Post a Comment 3 Comments

  • Posted by Marcus

    Type your comment in here…I would be interested in your thoughts on whether the protesters will learn from the lesson of Iraq, that there is a high price to be paid for the absence of order and a slow transition to a constitutional democracy.

  • Posted by E R

    Dear Mr. Cook:

    Your suggestion that the secular/liberal youth forces continue protesting would spell nothing short of the death of that revolution.

    Two Fridays ago (April 1) the liberal/secular youth held a “million man march” to “save the revolution.” However, the protest march on April 1 did not draw significant numbers.

    By contrast, the much larger protest last Friday (April 8) was dubbed the “million man march” to bring President Mubarak to trial. Most of the chants were demands to prosecute/execute the former president and his cabinet and some protests directly demanded that the removal of current head of the armed forces, Field Marshal Tantawi.

    Now this more recent protest was the first time in several weeks that the Islamists (Muslim Brotherhood + Salafis primarily) had joined the public protests. And so the difference in turnout between the two protests might give clues about how the “street power” of the secular forces compares with that of the Islamists. In fact, the unusual turnout on April 8 reflected the growing strength of Islamist movements to organize the street – as compared to the meager showing of the secular forces the week prior – as well as the Islamists’ ever greater determination to prosecute former regime officials.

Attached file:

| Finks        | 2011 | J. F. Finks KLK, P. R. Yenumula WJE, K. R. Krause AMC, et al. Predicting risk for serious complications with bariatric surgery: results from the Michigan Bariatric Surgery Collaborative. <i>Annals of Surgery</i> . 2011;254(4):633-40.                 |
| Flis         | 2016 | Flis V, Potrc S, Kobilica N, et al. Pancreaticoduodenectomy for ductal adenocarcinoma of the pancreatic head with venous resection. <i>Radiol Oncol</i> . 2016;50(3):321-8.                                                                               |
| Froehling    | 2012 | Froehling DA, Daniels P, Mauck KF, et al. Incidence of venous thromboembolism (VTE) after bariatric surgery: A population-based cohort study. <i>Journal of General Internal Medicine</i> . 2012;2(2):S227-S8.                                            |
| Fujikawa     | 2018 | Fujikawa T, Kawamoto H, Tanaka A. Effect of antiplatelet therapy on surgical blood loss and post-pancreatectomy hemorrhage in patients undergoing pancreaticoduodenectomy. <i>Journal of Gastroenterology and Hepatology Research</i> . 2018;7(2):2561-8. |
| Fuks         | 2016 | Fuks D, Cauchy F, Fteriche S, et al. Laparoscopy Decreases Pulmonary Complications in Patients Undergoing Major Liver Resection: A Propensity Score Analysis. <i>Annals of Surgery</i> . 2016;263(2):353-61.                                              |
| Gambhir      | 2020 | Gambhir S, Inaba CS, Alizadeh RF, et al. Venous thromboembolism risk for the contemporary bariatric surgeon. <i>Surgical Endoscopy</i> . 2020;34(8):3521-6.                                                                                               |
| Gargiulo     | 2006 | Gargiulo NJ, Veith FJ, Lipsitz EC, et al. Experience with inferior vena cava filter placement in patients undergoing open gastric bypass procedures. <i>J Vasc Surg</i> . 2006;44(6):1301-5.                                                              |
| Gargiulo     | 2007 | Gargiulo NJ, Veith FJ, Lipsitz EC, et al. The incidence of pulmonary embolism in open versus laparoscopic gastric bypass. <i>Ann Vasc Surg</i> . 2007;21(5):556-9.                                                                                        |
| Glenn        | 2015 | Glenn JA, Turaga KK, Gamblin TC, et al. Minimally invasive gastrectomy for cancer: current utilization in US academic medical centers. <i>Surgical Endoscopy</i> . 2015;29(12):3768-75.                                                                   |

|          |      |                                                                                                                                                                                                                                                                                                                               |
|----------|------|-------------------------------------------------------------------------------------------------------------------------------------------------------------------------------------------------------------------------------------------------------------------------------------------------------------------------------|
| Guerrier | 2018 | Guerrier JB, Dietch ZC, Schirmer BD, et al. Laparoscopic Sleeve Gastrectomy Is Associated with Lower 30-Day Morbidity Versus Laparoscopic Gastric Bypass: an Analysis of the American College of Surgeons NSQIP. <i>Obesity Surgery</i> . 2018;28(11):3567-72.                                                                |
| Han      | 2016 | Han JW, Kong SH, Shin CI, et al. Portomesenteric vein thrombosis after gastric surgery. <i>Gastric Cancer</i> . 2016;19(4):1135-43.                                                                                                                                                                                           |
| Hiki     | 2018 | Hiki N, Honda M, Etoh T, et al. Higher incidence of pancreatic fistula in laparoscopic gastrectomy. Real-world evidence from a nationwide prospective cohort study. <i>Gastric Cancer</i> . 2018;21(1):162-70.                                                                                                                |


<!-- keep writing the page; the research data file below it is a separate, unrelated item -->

This determination to accelerate trials and executions serves two strategic purposes. First, in the new Egypt the only two organized grassroots political movements are the NDP (old ruling party) and the Muslim Brotherhood. Decapitating the NDP would leave the Muslim Brotherhood as the only remaining grassroots political entity with any capacity to organize on a mass scale.

    Second, executing former generals like President Mubarak, Vice President Suleman, Prime Minister Shafiq, etc. would sow sedition in the top military brass (where many remain loyal to Mubarak) and weaken the cohesion of the army. Weakening the army would advance the Muslim Brotherhood’s strategic bargaining position when the time comes to split the political power pie….

    In case you are in doubt, perhaps you might consider why the military only accedes to “demands” made my secular forces when those demands happen to coincide with the Muslim Brotherhood’s own demands (such as the prosecution of former regime officials). But as of today, the “other demands” of the secular youth – extended timetables for elections, interim governing council, new constitution, order of presidential vs. parliamentary elections, civilian vs. military trials, arbitrary arrest and detention, etc. – have largely been ignored.

    Moreover, the possibility that there are real divisions within the military with some elements more sympathetic to the de facto Muslim Brotherhood/Salafist alliance with the military leadership should not be ruled out.

    Unfortunately, the sad fact is that the secular forces don’t have sufficient “street power” on their own and any such return to mass protests given the perilous state of the economy would do more harm than good.

  • Posted by heraish

    They can always protest again if things slow down again.